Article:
piactical iealities, which hau uevelopeu aftei the
time of Naix.
".Naixist theoiy, as its auheients iecognizeu was
singulaily appiopiiate to the histoiical moment.
By its uistinction between the objective histoiical
conuitions necessaiy to achieve socialism anu the
subjective will, of the pioletaiiat iequiieu to biing
it about, Naixism maue possible a ieconciliation
iancoi engenueieu in the social Bemociatic iank
anu file uuiing the peisecution, anu the neeu foi a
iefoimist tactic in a funuamentally non-
ievolutionaiy peiiou." (Book, Siuney, Intiouuction
to Euuaiu Beinstein's Evolutionaiy Socialism.
New Yoik: Schocken Books, 1961. )
Beinstein iesponueu to this neeu anu his woik
anu wiitings aie attempts to iesolve it. Beinstein
ciiticizeu the whole of Naixism, incluuing the
theoiy of value anu Naix's economic concepts, the
state, anu the use of the Begelian uialectic. Bis ie-
thinking anu application of Naixist theoiy, though
paitially a piouuct of the conuitions anu neeus of
that paiticulai histoiical peiiou, came unuei
attack while it iepiesenteu the ievisionist
tenuencies giowing at that time in ueimany.
(Kiauei, Lawience, A Tieatise of Social Laboui.
AssenThe Netheilanus: van uoicum, 1979. )
ueneially, whethei oiiginating within the S.P.B oi
beyonu the boiueis of ueimany, the ciitiques
weie uefinitely negative in tone. This has
contiibuteu to the uefinition of ievisionism touay
in negative, ambiguous teims.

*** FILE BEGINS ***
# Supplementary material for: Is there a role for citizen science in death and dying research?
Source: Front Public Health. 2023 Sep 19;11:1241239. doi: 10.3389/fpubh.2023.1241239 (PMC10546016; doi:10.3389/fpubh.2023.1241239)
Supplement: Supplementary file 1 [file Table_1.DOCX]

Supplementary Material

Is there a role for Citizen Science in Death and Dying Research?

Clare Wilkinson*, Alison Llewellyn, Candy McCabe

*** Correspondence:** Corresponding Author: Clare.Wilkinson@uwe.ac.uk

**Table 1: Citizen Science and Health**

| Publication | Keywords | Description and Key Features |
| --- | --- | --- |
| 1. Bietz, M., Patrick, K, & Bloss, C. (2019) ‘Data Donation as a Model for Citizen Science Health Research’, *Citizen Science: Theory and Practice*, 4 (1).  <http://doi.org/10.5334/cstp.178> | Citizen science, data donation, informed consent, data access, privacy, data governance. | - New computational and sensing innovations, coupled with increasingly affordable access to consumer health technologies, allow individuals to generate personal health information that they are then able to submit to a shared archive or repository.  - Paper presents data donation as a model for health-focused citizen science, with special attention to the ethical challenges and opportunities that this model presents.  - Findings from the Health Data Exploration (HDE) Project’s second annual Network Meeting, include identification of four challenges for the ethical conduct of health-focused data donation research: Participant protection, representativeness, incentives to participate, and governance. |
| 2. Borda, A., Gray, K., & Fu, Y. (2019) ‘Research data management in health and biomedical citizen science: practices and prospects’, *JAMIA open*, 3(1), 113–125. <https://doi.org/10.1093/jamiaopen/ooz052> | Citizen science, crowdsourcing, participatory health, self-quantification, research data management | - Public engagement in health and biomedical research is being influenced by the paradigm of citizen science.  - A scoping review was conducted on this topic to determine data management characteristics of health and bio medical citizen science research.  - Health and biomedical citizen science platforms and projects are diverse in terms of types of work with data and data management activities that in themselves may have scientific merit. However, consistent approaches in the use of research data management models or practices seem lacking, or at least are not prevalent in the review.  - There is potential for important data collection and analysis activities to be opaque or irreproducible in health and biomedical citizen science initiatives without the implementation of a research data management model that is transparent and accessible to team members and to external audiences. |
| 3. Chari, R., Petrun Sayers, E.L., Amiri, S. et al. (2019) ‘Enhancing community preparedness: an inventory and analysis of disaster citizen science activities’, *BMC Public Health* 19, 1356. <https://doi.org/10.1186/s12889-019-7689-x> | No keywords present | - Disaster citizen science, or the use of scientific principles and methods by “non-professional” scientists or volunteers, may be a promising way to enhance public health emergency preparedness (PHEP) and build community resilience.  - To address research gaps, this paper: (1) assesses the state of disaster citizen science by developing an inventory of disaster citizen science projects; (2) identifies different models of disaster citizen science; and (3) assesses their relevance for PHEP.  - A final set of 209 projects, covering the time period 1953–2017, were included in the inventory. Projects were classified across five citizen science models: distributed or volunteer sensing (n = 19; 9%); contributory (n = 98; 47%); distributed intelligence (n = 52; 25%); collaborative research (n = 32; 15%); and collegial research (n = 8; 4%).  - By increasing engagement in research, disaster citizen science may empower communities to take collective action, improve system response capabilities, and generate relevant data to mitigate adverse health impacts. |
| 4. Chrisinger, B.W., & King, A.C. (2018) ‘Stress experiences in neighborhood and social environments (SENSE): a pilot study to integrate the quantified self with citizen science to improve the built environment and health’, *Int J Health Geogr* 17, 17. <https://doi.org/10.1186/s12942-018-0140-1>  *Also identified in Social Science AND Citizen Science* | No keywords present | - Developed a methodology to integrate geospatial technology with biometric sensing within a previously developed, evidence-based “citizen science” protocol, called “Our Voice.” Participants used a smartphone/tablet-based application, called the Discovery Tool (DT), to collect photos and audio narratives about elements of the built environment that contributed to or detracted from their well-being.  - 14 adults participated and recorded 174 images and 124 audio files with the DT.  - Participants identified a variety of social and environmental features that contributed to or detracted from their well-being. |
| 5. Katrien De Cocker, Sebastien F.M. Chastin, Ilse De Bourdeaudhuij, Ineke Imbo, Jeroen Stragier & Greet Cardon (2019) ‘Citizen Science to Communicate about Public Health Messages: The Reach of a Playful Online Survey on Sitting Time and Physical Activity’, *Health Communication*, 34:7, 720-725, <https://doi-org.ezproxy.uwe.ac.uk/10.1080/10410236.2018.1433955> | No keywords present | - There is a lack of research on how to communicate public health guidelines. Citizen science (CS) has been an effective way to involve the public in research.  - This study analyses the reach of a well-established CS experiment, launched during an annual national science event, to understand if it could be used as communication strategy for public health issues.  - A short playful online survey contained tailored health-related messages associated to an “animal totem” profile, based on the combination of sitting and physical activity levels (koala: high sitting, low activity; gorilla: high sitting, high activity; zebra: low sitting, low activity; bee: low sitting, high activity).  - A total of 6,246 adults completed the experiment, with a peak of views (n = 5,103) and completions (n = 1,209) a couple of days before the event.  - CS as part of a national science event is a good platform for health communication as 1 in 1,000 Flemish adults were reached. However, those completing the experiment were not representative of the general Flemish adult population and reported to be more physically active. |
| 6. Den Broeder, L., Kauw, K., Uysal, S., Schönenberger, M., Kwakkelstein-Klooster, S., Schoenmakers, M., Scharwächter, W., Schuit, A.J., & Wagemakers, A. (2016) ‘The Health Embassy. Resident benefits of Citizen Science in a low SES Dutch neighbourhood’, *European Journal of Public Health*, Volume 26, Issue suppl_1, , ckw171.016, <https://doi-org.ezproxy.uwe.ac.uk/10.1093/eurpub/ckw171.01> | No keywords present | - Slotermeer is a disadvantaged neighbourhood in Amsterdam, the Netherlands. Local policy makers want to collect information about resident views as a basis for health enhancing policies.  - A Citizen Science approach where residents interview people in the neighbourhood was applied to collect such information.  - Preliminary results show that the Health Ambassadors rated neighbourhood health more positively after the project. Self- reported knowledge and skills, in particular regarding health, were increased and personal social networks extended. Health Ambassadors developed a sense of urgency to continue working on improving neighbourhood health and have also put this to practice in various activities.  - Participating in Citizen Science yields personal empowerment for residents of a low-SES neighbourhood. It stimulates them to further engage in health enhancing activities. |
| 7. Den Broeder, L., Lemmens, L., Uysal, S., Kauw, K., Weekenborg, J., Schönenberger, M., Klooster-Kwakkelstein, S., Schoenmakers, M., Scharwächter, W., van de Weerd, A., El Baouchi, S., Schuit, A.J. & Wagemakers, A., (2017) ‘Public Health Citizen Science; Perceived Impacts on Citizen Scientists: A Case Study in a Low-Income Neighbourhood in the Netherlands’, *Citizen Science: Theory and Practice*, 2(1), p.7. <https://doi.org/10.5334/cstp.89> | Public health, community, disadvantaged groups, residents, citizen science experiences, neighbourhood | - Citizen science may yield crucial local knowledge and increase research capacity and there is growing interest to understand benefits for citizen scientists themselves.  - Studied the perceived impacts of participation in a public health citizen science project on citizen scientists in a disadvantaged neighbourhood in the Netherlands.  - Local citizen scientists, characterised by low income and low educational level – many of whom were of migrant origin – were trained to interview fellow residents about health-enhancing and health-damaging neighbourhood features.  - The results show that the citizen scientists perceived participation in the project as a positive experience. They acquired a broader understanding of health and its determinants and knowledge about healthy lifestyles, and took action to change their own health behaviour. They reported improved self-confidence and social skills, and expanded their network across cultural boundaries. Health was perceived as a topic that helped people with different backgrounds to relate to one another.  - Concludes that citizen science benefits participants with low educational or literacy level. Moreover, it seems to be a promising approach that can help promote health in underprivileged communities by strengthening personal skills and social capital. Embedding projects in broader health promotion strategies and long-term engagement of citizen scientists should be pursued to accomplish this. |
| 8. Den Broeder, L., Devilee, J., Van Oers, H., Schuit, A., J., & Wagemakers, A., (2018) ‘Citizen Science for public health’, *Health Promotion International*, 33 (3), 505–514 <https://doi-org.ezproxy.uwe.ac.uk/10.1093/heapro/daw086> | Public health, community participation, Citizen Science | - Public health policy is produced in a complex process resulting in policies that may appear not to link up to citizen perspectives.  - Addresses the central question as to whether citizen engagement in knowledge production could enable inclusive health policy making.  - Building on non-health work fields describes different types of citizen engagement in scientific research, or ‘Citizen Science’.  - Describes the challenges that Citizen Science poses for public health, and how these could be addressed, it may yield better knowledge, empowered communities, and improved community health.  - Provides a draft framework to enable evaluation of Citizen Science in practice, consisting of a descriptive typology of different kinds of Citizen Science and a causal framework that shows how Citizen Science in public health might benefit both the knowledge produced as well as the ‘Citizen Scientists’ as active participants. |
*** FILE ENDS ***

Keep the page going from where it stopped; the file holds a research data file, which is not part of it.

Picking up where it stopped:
"Beinstein's ievisionism was a stiong cuiient in
the pie-woilu wai 1 socialist movement. Lattei -
uay "ievisionism" is a seiies of tuibulent euuies in
contempoiaiy communism. Both have theii
souices in Naixism." (--------, Bialectic of Civil
Society. AssenThe Netheilanus: van uoicum,
1976. ) Theie is much confusion between these
veiy uiffeient uses of the teim, anu especially so,
since "ievisionism" is also commonly
inteichangeu with the woiu "iefoimism." Actually,
those who auheie to Naixist oithouoxy see this as
the cuiient inteipietation, while all otheis aie
ievisionists. Revisionism can also be uefineu as,
".the ie-establishment of contact between theoiy
anu piactice, the abanuonment of myths foi the
ieality, anu an open analysis of the contiauictions
within the collectivist system, insteau of theii
concealment."
Revisionism geneially incluues a view of the state
as sepaiate fiom civil society, iefoim as moie
uesiiable than ievolution, anu stiesses the neeu
foi uemociacy anu univeisal suffiage. The
emphasis is also placeu upon the possibilities of
economic stability, iathei than bieakuown. (Ann
Finulay, B. K*E&.* L#.')+#/'C) M#(/)/<'/)+ %./+/NE#
<> O&.P/)+ !"#<.2 &'* :.&,+/,#, pp. 4 - 7. )
Ciitique anu ciitical theoiy. Image of ciitique.
Belongs to mouein society anu moueinity. About
ieason anu mouein society, ieflective, iesponsive.
Reason - useu to question the oiuei of things.
Natuial oiuei, seen as beyonu question. Ciitical
ieauing. 0sing ieason to question these texts.